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Universities Rebrand Their ‘Diversity And Inclusion’ Departments As Red State Laws Kick Into Effect

  • Several states have banned or are considering banning diversity, equity and inclusion (DEI) programs and statements, but some colleges and universities are resisting.
  • Florida and Texas legislators said the DEI programs discriminated on the basis of race or sex, and the law explicitly outlaws that type of discrimination. 
  • “Our office will definitely be engaged with any sort of signals or indication that we see of any public universities not following the spirit and intent of the law,” Republican Texas state Sen. Brandon Creighton told the Daily Caller News Foundation.

Multiple states have implemented laws that ban public funding for colleges and universities that use diversity, equity and inclusion (DEI) programs, but some schools are trying to rebrand their efforts.

Texas and Florida banned the usage of DEI in public schools and universities, and multiple other Republican state legislatures have proposed such bans on programs that use public funds, saying that the programs discriminate on the basis of race and sex. While the University of Houston (UH) has opened a new center with a different name, the University of Texas at Dallas (UTD) is keeping its DEI staff at the university — leading some state lawmakers to question if the schools’ changes will comport to the spirit of the law.

“Our office will definitely be engaged with any sort of signals or indication that we see of any public universities not following the spirit and intent of the law,” Republican Texas state Sen. Brandon Creighton, author of the Texas bill that banned the usage of public funds for DEI, told the Daily Caller News Foundation.

Some universities in Texas previously required professors to sign so-called “diversity statements,” which amounted to a commitment to the tenets of DEI. “Essentially, many of our universities requiring those loyalty oaths had a neon sign above their doors saying, ‘if you don’t agree with us politically and you won’t sign this oath, you need not apply here,’” Creighton said.

UTD will not lay off any workers from its DEI office, according to the Dallas Morning News. “We know what the law of the land is today, but the reality is, we have a diverse state,” Democratic Texas state Sen. Royce West said in a meeting discussing the DEI ban.

West said the university can find a way to use race-neutral criteria to “make certain that students of color get the opportunity that they deserve,” according to the Dallas Morning News.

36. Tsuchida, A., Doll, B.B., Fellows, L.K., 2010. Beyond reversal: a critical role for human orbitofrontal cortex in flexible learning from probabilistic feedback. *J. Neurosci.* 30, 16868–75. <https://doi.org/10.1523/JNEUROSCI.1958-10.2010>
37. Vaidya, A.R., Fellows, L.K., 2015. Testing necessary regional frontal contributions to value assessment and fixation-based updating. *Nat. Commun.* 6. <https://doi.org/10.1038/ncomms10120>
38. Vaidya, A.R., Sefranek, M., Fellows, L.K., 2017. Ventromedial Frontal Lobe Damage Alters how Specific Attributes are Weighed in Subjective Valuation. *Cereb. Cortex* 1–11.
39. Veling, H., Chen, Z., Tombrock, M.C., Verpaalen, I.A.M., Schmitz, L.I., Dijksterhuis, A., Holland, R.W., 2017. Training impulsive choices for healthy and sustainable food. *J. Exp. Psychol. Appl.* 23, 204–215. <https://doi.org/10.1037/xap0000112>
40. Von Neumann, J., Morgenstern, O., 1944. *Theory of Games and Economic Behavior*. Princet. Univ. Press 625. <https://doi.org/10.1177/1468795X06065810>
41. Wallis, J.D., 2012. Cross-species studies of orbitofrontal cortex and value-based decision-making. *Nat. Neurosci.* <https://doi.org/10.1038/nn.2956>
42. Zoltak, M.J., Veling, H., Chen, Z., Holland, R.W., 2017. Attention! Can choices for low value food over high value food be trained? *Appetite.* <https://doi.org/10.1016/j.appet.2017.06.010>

UH posted signage saying that its Center for Diversity and Inclusion and LGBTQ Resource Center would be closing, but the university later said it was reversing course on that decision. The university has since announced a new center called the “Center for Student Advocacy and Community,” according to a Wednesday email given to the DCNF.

“This center will make available wide-ranging advocacy, a support network for both undergraduate and graduate students, comprehensive basic needs services and resources, and facilitate a variety of events and programs to foster student success, achievement, and community building,” the email reads.

“Governor Abbott expects Texas colleges and universities to fully comply with the law,” Republican Texas Gov. Greg Abbott’s press secretary, Andrew Mahaleris, told the DCNF.

The universities have until January 2024 to alter their programs to fit within the law, and the changes are an acknowledgement that something needs to be fixed, Creighton told the DCNF.

“Some universities and woke professors have been using DEI to advance political agendas and exclude conservative viewpoints on college campuses. These efforts adversely affect our students, limit exposure to diverse thought, and destroy our education system. Governor Abbott signed SB 17 into law earlier this year that prohibits DEI practices at public colleges and universities to give people the opportunity to advance based on talent and merit and experience all viewpoints,” Mahaleris told the DCNF.

Universities in other states are making changes, too.

The University of South Carolina (USC) is rebranding its DEI office in light of South Carolina legislators requesting documentation in February on what public funds are going to DEI efforts in the public schools and universities. USC renamed its vice president of DEI office the Vice President of Access, Civil Rights and Community Engagement office.

The “division will now align ongoing efforts to ensure access and opportunity to members of the campus community, compliance with federal civil rights and Title IX requirements,” according to a press release reported by the Columbia Post and Courier.

New College of Florida’s board of trustees ordered the college to abolish its DEI offices on March 1. Students and faculty members at New College sued the state on Aug. 14 to halt the enforcement of the state’s DEI ban.

“I think at the end of the day, we’ll see a return to hiring faculty based on merit and competence,” Creighton said.

USC and UTD did not immediately respond to the DCNF’s request for comment.

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